Scope creep. This danger is inherent in any project that has close involvement with the customer. Of course, you want the customer to be closely involved, to give feedback early on what’s being produced. The problem is that the customer might start to get carried away, and to ask for things that gradually have less and less to do with the original objective of the project.

This is more of a danger with XP, because the “prototyping” stage goes on for the entire duration of the project. Handling this problem effectively really needs a skilled analyst who is able to get at the problems that are driving each feature request, and in turn get at the root causes behind each problem.

Any new requirements discovered through prototyping (evolutionary or early) might be based more on technical issues than on business needs. If the customer is closer to the solution as it’s being produced, then he or she is further away from the problem. They might, as a result, base their new requirements on what they think is possible, or on the perceived solution, rather than on the problems that their business really needs to have solved. (“I hear SOAP solves lots of problems, let’s use that!”)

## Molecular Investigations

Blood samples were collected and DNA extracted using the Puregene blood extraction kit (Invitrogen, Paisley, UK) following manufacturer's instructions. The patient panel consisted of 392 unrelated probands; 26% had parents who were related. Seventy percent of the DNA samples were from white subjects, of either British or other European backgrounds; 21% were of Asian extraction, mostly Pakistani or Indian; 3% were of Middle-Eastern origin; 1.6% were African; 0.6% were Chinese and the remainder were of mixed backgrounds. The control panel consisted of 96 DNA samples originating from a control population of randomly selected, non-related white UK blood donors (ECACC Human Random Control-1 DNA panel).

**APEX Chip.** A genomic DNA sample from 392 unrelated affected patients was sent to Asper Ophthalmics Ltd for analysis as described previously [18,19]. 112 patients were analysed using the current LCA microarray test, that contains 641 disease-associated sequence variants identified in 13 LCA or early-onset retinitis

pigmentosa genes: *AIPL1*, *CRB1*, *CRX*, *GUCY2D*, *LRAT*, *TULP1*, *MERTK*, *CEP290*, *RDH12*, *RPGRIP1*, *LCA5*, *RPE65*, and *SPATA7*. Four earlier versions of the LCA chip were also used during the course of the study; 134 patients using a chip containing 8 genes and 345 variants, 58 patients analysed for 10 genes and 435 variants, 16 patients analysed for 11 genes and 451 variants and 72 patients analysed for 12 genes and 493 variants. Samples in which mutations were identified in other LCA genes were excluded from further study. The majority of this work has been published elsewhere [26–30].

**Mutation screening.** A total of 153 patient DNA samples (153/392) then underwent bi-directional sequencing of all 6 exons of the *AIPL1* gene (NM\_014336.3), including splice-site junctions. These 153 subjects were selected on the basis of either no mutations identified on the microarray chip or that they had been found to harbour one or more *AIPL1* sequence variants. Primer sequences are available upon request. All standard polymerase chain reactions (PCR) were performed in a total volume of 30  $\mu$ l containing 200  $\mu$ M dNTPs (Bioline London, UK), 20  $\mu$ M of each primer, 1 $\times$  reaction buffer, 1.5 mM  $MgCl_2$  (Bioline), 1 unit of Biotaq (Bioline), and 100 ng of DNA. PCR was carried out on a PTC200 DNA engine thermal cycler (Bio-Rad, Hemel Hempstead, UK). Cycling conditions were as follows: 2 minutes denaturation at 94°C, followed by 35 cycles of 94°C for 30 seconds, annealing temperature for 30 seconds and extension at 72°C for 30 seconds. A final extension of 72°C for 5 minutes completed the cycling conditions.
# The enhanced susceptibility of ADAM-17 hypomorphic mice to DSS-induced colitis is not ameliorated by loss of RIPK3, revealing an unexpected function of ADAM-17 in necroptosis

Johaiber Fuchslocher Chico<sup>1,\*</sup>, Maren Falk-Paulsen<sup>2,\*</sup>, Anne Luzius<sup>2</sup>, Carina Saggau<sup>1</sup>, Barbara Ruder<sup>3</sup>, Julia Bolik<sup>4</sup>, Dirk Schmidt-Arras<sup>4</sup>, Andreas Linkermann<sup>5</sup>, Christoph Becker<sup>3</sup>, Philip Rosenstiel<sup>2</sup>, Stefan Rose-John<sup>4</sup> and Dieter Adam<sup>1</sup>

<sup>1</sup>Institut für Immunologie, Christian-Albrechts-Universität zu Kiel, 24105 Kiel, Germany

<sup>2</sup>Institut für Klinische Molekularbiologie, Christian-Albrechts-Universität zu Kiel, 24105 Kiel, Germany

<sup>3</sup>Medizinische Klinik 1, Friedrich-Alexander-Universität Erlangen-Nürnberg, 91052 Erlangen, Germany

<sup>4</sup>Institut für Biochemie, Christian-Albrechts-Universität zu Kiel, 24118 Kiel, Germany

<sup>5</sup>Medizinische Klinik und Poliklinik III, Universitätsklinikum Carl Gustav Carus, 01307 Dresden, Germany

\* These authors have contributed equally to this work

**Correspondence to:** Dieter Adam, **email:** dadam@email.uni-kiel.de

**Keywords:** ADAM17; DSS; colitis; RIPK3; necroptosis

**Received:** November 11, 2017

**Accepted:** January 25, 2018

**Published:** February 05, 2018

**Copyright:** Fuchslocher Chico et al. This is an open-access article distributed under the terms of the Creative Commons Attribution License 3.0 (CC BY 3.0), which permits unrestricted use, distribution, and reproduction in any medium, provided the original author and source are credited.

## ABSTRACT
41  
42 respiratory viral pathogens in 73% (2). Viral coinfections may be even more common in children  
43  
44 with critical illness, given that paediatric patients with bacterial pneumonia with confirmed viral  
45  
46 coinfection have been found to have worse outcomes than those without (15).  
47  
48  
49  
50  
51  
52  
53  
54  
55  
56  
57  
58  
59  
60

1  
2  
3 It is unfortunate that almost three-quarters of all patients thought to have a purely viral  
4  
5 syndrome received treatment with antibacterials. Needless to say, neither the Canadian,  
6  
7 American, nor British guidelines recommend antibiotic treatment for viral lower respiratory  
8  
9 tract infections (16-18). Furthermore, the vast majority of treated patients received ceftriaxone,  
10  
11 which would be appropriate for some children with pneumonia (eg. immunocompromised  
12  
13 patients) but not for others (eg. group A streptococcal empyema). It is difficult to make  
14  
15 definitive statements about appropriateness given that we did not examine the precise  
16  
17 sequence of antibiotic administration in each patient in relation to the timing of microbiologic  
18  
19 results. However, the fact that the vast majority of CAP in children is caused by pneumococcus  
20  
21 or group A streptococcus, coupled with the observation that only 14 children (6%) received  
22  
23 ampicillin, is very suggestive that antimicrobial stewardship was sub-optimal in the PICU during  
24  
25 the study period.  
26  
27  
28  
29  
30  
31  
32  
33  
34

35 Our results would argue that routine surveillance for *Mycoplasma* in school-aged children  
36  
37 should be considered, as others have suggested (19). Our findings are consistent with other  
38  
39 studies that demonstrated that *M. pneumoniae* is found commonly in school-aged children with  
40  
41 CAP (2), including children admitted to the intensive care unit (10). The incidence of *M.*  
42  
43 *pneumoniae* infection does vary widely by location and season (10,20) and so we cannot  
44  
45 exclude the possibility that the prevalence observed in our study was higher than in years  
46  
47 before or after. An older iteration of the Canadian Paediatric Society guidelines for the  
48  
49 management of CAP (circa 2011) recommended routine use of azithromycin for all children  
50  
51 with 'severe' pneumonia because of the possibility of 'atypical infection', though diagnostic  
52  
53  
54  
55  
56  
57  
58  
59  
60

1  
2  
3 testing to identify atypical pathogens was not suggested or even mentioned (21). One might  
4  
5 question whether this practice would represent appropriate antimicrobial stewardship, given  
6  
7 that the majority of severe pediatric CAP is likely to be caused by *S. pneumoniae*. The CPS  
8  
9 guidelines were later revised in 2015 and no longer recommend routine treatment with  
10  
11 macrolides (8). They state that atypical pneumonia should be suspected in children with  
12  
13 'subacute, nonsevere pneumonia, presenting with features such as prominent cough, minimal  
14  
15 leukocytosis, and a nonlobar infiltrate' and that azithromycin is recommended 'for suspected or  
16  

The resultant product will no doubt still work, and the customer will probably be very happy because they’re getting exactly what they asked for, but it won’t be as useful to them as if they had based their requirements purely on their non-technical business needs. This is an insidious problem—what the customer doesn’t know about, they won’t miss. However, it just means that later, the real business problem will be discovered (e.g. “our accounts department is just too inefficient working this way, SOAP or no SOAP”). The result will be yet another iteration to sort out the problem.

In the XP world, this is fine: everyone’s happily embracing change. However, the problem could have been solved the first time around, if it had been uncovered. Always remember, the requirements are based on the problem, not the solution!


Keeping it in Perspective

Prototyping is not a 100% cure-all, of course. There are times when a prototype is not worth bothering with. There are also dangers (see this article for some examples).